Unfortunately for millions of sufferers worldwide, scientists haven't nailed down why scratching a chalkboard makes people wince. Prevailing studies have looked at the physiology of the inner ear, pointed to the "roughness" of certain sounds, and even associated chalkboard scratching with wild primate distress calls. Most studies agree on one thing, however: sounds that have a frequency between 2,000 Hz and 4,000 Hz make us cringe. As you can imagine, scratching a chalkboard falls directly within that range.
In 1986, three scientists at Northwestern University broke down the sound of a garden tool scraping a chalkboard. They removed certain high, middle or low frequencies and played them back to test subjects who rated their adverse reactions. To the scientists' surprise, people cringed most at the middle frequency sounds and not at the high frequency sounds as they hypothesized.
One of the key takeaways from this 1986 study was that the middle frequency sounds were very similar to primate distress calls in the wild. The scientists' theory was that this is an evolutionary condition. Other studies seem to support this idea, too.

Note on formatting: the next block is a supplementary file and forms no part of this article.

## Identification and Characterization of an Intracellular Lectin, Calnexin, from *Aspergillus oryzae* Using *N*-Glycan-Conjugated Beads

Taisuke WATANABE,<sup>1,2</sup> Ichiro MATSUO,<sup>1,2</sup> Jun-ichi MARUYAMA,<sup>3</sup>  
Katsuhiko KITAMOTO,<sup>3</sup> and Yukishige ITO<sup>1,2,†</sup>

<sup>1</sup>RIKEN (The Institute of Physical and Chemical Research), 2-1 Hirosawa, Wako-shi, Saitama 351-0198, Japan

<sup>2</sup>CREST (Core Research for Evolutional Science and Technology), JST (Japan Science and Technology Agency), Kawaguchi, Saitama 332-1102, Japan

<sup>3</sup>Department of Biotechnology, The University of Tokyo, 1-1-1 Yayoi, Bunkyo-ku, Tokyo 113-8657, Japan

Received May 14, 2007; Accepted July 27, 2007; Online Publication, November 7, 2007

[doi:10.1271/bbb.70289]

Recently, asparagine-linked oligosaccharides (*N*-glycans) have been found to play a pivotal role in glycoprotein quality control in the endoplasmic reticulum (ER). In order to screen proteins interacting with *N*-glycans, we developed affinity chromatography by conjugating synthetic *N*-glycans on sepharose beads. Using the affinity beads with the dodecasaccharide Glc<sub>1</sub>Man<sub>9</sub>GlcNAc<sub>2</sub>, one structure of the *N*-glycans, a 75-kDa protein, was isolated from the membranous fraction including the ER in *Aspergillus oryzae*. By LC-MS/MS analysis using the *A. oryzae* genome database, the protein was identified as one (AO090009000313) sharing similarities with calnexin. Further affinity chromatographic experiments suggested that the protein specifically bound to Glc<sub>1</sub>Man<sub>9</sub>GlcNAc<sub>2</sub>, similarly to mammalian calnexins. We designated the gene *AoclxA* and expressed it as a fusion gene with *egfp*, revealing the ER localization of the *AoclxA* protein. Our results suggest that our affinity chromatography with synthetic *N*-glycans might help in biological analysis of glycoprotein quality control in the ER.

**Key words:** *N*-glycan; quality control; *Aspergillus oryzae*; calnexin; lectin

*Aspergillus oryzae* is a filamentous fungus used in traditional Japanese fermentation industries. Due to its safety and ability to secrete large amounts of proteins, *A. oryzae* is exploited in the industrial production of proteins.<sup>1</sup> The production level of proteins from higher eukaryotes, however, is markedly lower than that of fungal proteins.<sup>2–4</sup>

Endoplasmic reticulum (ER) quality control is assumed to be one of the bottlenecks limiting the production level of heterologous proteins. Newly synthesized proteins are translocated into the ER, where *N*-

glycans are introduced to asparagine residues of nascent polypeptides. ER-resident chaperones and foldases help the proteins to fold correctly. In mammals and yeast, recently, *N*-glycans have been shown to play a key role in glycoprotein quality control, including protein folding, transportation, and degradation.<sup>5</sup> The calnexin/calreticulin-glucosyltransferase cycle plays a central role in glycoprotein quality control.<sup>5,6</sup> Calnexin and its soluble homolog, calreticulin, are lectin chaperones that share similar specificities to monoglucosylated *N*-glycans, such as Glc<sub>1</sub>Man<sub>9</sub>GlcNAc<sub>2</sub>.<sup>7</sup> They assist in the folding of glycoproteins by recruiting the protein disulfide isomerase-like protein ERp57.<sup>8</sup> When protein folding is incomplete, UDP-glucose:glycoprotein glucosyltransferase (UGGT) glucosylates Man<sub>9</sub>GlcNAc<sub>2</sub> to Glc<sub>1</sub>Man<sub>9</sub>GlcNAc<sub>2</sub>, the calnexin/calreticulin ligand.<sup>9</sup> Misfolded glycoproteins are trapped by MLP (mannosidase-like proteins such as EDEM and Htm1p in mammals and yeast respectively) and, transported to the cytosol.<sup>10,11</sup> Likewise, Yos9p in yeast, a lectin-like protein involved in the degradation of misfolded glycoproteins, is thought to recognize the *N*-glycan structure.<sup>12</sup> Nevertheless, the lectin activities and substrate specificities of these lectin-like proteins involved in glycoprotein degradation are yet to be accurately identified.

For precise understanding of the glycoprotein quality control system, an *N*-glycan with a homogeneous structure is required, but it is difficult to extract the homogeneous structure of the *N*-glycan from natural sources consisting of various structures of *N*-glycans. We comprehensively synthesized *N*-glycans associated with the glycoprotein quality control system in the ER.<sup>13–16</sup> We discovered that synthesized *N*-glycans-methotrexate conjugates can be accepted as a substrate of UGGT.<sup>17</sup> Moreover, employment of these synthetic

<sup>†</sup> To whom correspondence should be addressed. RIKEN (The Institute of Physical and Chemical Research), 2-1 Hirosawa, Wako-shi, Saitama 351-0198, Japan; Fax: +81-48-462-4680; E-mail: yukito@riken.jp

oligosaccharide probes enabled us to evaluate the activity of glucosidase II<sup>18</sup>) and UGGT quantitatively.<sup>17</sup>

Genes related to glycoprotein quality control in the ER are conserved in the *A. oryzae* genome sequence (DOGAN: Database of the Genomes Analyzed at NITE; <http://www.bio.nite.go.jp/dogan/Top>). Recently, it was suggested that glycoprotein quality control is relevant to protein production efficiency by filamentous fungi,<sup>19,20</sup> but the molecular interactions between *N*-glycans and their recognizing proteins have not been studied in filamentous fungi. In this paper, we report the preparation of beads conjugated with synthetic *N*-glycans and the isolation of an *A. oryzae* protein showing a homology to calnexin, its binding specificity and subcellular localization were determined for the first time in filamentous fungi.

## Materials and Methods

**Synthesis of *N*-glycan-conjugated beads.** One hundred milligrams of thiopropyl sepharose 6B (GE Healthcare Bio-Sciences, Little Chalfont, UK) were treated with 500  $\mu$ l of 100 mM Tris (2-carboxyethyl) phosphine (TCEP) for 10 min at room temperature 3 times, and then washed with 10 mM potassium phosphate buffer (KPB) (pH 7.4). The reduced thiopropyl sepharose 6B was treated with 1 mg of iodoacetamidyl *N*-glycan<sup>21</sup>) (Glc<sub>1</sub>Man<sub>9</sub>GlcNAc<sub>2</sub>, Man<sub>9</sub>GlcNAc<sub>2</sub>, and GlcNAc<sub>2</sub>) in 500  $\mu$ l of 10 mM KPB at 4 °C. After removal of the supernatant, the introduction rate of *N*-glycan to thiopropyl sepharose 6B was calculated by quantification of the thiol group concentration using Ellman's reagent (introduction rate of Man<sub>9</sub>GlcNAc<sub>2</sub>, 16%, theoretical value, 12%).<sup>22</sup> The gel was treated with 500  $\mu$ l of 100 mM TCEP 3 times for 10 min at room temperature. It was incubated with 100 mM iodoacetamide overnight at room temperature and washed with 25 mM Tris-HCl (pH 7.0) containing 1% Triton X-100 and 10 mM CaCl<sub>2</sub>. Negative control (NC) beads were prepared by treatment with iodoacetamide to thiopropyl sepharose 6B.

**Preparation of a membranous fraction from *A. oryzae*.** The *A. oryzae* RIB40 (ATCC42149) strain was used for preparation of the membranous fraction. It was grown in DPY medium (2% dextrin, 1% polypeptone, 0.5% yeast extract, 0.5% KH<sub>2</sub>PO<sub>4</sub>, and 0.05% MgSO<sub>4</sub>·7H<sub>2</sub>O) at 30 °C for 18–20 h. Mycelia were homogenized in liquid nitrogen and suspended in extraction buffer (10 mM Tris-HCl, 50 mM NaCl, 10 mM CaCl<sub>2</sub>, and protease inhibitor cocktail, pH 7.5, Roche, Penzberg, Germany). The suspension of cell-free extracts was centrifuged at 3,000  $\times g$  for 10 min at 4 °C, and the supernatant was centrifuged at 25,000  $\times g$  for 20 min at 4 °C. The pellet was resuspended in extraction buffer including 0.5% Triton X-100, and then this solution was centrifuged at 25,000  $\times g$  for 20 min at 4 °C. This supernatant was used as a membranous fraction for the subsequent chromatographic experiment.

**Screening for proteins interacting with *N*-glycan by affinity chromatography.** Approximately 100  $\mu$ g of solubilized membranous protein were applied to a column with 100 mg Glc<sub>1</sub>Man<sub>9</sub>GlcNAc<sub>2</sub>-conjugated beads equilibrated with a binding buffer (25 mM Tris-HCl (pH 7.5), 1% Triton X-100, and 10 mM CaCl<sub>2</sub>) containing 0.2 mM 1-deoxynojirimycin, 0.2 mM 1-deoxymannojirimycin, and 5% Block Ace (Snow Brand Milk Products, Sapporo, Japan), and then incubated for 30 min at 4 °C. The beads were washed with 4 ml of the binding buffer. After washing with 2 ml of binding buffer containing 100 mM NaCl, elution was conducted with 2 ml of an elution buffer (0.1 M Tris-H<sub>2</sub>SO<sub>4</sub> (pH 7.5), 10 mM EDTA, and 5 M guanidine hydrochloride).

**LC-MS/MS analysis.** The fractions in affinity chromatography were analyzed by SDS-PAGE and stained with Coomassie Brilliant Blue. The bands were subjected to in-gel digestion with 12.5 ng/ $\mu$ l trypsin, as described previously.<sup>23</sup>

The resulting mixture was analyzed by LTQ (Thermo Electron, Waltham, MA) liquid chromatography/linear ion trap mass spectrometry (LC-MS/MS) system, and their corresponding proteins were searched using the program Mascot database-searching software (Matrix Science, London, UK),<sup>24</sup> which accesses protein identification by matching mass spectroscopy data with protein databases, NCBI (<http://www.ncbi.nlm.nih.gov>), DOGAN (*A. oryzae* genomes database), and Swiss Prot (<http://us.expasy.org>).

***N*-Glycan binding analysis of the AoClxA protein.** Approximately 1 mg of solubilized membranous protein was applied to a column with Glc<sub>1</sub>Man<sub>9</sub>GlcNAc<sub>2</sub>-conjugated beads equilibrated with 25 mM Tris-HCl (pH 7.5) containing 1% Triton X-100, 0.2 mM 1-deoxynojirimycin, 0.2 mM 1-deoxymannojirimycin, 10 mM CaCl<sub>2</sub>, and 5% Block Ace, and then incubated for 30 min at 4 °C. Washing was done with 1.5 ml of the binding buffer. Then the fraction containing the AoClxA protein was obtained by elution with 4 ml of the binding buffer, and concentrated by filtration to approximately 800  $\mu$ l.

In 2011, European musicologists Michael Oehler and Christopher Reuters found that the inner ear canal was built to amplify certain sound ranges - specifically those that pertain to communication. They also found a new, psychological twist: test subjects found chalkboard scratching less cringe-worthy when they were told it came from a musical composition.
Finally, in 2012 MIT scientist John McDermott found that sounds can have "roughness," which comes from how rapidly it fluctuates between extreme frequencies. Nails scratching and reverberating on a chalkboard, says McDermott, would produce a very "rough" sound. Of course, we didn't quite need science to know that already.